I have been a refugee in Hong Kong for more than ten years. I struggle to survive with my family without the right to work. I beg for assistance here and there. I suffer discrimination daily because of government policies that turn society against refugees and poison local minds. I will not be defeated.
Since 2013 there has been a steady shift towards empowerment, countering a decade of suppression during which some people wanted to touch our minds and make us sleep. They told us to keep quiet and trust they worked for us. Today many refugees are speaking up for their rights. I welcome this change because nobody can fight and stand for refugees better than we can together.
Only we refugees know our suffering, the agony of years wasted without hope and without future. We need to take the first steps and mobilize before support will come from right and left. The changes we witnessed in the last two years did not come without struggle, protest and demands.
Dear Refugees, we can no longer sit and expect NGOs to perform on our behalf, because their actions are limited by different concerns that ours. We need to have courage and stand for our rights. We must take our destiny in our hands and push for the change we demand for ourselves and our children.
Hong Kong government encourages NGOs to calm down the tension of refugees, so that Immigration can conduct unfair justice and psychologically damage our hearts and discourage us from seeking asylum. How many brothers and sisters were threatened in CIC until they gave up and left? How many refugees were told they were not welcome?
Dear Brothers and Sisters, no one can feel the pain we suffer, not even the doctors who want to cure us. They may guess how much we are suffering, but they cannot feel our pain. People can say “I understand you”, but they do not. Only you know the pain inside your heart.
To be a refugee is not a crime as government propaganda repeats. Refugees are people who are forced to flee their country due to persecution, whether on an individual basis, or as part of a mass exodus following political, religious or military problems. Anyone can end up in our shoes and millions have through human history.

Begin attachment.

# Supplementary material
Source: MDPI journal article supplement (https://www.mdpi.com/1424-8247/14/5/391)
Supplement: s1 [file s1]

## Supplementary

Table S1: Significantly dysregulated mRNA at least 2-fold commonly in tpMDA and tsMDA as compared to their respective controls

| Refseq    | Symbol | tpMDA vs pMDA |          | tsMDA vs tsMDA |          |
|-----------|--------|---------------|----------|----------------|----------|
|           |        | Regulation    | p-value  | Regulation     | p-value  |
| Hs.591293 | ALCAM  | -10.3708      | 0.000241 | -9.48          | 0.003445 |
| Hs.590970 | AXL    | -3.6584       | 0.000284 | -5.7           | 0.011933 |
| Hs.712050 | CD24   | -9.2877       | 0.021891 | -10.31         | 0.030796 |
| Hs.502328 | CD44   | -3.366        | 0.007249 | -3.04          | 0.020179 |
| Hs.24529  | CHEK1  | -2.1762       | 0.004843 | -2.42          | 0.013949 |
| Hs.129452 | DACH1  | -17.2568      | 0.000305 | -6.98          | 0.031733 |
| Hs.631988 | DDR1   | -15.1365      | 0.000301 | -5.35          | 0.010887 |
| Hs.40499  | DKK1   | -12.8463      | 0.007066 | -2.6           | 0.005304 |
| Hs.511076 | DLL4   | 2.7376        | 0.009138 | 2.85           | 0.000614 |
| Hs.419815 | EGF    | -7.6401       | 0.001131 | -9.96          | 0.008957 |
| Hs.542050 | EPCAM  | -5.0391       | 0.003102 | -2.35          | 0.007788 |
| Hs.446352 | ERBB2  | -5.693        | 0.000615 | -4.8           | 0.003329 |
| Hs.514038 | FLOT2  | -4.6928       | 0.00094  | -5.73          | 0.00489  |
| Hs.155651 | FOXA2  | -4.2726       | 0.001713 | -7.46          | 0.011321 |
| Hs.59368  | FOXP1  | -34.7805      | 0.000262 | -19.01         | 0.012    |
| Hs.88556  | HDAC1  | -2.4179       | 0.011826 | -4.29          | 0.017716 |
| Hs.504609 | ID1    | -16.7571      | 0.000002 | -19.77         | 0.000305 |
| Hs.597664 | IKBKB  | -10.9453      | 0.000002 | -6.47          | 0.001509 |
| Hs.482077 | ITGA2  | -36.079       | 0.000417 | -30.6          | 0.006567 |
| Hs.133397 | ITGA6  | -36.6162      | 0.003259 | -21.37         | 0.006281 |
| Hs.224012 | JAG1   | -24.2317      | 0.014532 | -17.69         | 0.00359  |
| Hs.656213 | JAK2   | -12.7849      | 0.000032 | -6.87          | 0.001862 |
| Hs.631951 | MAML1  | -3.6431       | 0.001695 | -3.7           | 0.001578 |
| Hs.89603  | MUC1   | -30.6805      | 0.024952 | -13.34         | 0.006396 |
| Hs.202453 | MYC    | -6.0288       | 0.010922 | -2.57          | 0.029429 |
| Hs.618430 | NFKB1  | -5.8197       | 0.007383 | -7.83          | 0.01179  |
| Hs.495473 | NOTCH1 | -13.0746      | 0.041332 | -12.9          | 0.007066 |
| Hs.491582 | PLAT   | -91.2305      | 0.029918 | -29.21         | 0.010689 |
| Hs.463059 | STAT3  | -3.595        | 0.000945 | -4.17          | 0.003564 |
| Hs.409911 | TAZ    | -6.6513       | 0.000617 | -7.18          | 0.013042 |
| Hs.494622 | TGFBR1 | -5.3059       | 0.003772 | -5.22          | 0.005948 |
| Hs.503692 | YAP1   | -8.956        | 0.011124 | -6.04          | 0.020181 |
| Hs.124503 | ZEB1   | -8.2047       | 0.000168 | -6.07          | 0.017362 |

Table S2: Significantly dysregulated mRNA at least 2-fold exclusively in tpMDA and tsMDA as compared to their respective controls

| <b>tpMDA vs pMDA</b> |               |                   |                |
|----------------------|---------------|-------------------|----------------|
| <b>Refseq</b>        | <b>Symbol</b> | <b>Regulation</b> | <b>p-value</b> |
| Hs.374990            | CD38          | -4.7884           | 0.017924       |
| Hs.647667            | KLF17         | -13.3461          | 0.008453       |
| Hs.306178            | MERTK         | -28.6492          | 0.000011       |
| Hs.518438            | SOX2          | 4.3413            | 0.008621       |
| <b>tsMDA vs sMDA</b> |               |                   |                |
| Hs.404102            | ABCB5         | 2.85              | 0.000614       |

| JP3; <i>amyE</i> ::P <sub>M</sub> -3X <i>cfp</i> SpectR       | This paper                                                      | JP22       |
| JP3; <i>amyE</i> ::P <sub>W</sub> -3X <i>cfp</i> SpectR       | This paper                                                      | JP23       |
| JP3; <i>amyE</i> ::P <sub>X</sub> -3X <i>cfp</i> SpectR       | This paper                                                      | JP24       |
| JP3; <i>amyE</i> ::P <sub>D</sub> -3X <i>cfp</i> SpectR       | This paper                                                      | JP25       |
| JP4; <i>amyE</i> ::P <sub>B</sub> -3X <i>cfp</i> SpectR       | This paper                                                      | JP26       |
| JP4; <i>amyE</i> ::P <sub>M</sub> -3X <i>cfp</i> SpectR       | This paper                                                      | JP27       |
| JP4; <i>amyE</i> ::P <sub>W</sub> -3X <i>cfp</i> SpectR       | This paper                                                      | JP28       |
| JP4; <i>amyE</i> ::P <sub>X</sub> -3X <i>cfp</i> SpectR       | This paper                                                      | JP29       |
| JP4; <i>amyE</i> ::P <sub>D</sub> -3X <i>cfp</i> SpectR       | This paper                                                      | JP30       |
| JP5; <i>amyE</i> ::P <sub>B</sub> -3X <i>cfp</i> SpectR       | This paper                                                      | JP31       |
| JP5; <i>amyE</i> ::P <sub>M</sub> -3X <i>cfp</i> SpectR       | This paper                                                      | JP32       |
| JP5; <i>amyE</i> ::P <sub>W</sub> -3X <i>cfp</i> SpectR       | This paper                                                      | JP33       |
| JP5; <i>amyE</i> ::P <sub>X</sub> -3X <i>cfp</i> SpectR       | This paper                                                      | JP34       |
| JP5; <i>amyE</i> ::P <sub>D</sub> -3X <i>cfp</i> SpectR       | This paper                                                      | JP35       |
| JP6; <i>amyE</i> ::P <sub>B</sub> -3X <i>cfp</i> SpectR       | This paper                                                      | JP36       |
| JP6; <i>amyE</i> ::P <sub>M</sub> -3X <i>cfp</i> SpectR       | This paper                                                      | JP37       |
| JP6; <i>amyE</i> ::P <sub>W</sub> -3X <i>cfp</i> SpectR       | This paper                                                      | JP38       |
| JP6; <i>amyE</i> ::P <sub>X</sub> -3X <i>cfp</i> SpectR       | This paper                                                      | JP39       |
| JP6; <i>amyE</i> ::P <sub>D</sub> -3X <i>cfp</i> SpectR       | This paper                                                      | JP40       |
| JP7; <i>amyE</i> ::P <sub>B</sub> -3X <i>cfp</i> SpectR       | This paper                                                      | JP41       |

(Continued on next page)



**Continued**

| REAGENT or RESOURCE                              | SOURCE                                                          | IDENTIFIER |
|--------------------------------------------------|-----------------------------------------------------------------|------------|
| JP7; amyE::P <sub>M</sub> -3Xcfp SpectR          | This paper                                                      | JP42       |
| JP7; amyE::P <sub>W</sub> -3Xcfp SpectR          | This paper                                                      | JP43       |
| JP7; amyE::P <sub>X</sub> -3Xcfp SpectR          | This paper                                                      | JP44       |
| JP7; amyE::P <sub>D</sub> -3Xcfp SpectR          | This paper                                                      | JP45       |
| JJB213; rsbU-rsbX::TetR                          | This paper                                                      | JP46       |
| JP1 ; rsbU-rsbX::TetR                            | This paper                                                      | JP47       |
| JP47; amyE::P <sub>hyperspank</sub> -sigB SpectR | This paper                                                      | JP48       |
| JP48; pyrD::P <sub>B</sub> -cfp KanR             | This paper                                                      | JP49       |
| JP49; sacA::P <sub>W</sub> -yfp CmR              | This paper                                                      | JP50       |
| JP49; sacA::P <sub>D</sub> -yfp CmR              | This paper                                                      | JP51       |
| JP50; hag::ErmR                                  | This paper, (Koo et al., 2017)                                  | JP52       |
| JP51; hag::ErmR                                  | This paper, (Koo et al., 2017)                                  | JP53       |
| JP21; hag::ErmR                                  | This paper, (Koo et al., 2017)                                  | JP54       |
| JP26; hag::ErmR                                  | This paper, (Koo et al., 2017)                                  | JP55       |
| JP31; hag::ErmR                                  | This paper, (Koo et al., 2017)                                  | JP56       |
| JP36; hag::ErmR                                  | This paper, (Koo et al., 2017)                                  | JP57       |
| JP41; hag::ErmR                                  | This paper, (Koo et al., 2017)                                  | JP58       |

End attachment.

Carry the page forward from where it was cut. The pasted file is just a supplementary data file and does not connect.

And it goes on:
Action is needed today, not tomorrow. Let us come together as one for a better future.
I left my country in Africa. I was working in China when great danger started and I could not return home. I became a refugee sur place. I came to Hong Kong in January 2014, when I entered with a two-week visa. I sought asylum when my permit expired. It was very hard.
I struggle for everything alone and without knowing the system. I went to NGOs to get help. I followed Vision First and they helped me a lot. It is important to assist others and I have always helped fellow refugees when I had the opportunity, knowing how lost we feel at the start of the asylum process.
It is very difficult for refugees to survive in Hong Kong because we cannot work. The assistance we receive in rent and food is far from enough. The rooms where we live are in very poor condition. The government is not doing its part to assist refugees who look for a safe place in this city.
I am one of the lucky ones and this is my story. Two months ago I left Hong Kong and returned a few days later, the second time in less than two years. At the Immigration counter I presented a Dependent Visa and was allowed one year stay with the right to work!
What a huge difference it makes! The first time I arrived, the future was very dark and I didn’t know what would happen. Now I am smiling with great joy and hope as Hong Kong welcomes me. Work, honest and legal work, is what all refugees need to survive and keep their mental sanity.
The difference is that a year ago I married my lovely Chinese wife and recently our application for a dependent visa was approved. The visa allowed me to change my status from “USM claimant” (= unwelcome) to “Dependent Visa” (=welcome). Honestly, I realize how lucky I was that my destiny was marked by remarkable events that changed the course of life.
On 13 March 2014, two months after I first arrived, I heard that refugees were fighting for their rights through a public demonstration at the Government House, in Central. I joined with great expectation as it was my first demonstration. I realized that refugees were not treated fairly during the processing time of our claims. I learnt that some refugees were waiting over 10 years for a decision by Immigration.
I was proud to march in the front line. I was not scared. I remember that a journalist asked me, “Why you are not scared? Why don’t you cover your face?” I answered, “Why should I be scared? These are my rights and I need to fight for them!” If things are wrong and must be changed, people must stand up and fight for the change they want. In life you cannot hide to be counted.